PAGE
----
Do we celebrate sacrifice?

In previous blog posts, I’ve reflected on paradoxes and how they often frame our everyday lives more than we realize. On the outside they are dismissed as philosophical posturing or empty intellectual puzzles. Just last week I attended our diocesan administrator retreat where we examined our annual theme “One Body in Christ,” by looking at the Eucharist as an invitation for us to celebrate communion as a group rather than individual experience. It gave me pause to reflect on how the Lenten season is more than a time to think about pairing down habits or sacrificing something we crave. It’s about reimagining and renewing our commitment as a community to seeing the grace in all we are, have, and do.

All is gift…

Eucharist literally means “thanksgiving” and it is a moment, a celebration of community that has most recently been sponsored by the U.S. Bishops in what has been called the National Eucharistic Revival. The reason is quite simple. Many Catholics do not see the Eucharist as the true presence of Christ in the bread and wine; they simply regard it as a ritual or passing tradition. While the philosophical details of accidents and substances (which can be traced back to the writings of Thomas Aquinas and Aristotle) are important concepts to be familiar with, the reality of being together with one another to celebrate the living body and blood of Jesus is in many ways the most social action we do as human beings: breaking bread in celebration of and with one another.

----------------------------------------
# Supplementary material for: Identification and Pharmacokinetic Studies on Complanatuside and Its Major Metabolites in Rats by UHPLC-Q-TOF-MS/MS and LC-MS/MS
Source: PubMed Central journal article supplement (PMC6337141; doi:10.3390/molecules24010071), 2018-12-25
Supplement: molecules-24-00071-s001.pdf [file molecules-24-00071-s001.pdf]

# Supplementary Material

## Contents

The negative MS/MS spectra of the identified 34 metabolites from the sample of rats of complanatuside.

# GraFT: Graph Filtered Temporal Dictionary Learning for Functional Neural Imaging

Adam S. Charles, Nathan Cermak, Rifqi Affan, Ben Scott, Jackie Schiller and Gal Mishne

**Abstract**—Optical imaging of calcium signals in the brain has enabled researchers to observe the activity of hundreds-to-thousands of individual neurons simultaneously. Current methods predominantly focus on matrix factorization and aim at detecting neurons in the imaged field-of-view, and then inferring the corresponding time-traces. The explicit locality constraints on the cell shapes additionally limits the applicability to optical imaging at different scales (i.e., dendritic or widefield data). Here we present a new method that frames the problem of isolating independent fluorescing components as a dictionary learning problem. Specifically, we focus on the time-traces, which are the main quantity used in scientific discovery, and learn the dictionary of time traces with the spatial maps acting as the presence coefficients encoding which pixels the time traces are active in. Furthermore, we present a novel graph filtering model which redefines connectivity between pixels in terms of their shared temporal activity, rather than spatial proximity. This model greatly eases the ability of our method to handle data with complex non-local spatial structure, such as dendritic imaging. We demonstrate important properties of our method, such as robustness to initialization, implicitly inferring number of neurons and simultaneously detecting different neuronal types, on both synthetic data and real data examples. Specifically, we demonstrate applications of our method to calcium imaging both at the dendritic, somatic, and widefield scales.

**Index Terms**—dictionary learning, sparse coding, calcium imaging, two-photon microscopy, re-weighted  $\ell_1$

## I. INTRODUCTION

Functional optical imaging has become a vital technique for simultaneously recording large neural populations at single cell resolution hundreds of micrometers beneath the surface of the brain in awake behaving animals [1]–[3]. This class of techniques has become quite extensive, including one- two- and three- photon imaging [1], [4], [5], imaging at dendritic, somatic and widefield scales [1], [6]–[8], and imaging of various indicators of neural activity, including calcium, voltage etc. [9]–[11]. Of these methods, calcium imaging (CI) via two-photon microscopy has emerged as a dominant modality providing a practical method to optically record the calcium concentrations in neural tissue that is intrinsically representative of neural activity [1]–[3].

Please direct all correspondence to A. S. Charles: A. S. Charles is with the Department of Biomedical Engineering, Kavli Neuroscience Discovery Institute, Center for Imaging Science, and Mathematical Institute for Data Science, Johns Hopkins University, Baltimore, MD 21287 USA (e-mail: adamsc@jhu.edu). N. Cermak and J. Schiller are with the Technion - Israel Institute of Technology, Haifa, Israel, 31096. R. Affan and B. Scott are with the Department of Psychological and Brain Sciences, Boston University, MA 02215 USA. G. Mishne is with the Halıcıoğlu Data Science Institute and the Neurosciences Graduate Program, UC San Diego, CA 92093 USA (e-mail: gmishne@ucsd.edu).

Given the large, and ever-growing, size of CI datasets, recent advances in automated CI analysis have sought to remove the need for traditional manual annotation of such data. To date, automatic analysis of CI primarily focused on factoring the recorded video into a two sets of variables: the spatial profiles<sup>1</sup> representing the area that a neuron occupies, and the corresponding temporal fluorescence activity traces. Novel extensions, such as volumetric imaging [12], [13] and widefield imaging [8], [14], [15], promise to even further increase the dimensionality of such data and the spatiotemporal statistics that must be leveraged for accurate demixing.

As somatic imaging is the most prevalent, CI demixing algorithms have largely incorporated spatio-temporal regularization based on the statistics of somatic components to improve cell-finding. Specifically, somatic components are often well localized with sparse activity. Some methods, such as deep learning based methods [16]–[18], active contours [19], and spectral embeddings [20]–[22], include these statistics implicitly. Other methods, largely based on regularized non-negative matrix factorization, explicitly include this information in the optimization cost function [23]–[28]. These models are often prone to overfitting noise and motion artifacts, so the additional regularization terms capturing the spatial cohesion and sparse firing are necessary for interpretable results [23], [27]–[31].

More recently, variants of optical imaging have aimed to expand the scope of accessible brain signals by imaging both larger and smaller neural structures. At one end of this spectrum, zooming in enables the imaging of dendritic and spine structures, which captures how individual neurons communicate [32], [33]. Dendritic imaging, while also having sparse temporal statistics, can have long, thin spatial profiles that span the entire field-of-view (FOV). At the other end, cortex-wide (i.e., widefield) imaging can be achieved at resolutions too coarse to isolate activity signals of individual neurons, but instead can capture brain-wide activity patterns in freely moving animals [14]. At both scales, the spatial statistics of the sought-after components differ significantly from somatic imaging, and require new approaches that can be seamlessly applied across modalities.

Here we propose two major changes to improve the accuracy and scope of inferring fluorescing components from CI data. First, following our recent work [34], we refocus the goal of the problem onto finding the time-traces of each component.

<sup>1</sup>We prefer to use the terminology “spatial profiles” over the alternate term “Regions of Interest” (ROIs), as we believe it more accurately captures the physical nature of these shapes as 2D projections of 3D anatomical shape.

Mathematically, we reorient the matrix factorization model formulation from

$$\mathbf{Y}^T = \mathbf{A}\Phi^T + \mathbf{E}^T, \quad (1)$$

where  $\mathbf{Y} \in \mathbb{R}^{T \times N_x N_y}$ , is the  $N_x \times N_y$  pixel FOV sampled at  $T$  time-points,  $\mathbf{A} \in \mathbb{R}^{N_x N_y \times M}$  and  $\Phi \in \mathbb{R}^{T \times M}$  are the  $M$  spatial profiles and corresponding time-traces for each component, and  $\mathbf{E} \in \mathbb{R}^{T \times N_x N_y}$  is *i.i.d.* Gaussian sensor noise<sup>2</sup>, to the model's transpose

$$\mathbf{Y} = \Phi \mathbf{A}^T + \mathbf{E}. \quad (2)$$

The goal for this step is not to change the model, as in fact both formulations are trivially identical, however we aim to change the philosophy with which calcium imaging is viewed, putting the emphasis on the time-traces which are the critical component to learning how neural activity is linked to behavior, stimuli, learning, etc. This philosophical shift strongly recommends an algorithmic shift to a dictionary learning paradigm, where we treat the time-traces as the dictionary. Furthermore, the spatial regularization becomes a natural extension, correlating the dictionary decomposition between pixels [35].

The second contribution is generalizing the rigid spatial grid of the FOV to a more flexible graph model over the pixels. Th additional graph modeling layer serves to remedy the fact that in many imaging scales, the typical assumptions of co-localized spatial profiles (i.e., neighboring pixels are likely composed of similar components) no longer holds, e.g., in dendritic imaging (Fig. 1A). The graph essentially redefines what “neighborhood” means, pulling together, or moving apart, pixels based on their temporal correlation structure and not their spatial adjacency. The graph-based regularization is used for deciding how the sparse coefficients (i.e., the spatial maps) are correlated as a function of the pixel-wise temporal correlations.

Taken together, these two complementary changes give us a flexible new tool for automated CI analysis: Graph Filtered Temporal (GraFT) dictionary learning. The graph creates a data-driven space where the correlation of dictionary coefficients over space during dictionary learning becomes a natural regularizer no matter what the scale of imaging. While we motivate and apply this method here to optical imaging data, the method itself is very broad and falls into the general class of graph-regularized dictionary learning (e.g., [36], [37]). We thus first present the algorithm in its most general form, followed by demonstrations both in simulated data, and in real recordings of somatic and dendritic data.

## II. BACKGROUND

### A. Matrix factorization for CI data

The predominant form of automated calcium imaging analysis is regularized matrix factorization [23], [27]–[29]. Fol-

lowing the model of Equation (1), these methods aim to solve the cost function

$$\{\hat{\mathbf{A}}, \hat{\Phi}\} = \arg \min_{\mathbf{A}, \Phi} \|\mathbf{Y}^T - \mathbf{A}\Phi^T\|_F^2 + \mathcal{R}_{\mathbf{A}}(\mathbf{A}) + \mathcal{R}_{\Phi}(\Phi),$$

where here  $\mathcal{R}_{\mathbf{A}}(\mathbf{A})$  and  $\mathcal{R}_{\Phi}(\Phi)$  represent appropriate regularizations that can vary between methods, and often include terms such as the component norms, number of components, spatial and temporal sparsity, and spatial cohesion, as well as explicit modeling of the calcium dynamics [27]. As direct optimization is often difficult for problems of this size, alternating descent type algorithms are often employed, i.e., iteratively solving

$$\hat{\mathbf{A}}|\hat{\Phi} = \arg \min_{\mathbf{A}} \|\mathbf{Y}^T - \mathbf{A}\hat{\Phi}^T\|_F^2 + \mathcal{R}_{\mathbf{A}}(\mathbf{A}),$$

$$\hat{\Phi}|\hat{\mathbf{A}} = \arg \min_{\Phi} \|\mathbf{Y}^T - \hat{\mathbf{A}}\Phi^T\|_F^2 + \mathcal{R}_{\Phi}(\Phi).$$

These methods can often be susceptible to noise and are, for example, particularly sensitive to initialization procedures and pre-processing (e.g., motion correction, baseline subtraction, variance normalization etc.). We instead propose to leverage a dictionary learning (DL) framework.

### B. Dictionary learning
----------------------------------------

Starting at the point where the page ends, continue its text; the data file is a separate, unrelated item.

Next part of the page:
All is gift…

The Church recognizes this celebratory nature of the Eucharist in naming the fourth Sunday of Lent “Lateare Sunday,” calling Catholics to rejoice. It is not called penitential, sorrowful, sacrificial, or miserable even! Sacrifice is the means to a deeper understanding of ourselves, one another, and the world around us. It was never intended to be an ends unto itself. Living our lives like “sackcloth and ashes” during Lent only promotes the misguided belief that self-denial is the next step to sainthood. Instead, we should be reflective about what we can rejoice in because we sacrifice.

All is gift…

The next time you participate in the liturgy, renew your senses to be more mindful of those around you, the greetings and smiles, the restlessness of children and cries of babies, and the call to worship that reminds us that the ultimate sacrifice is simultaneously the ultimate gift. It transcends any ritual or tradition we can imagine because it is the recognition of the divine in ourselves and one another. What a gift that is!

It’s a Great Day to be a Bulldog!

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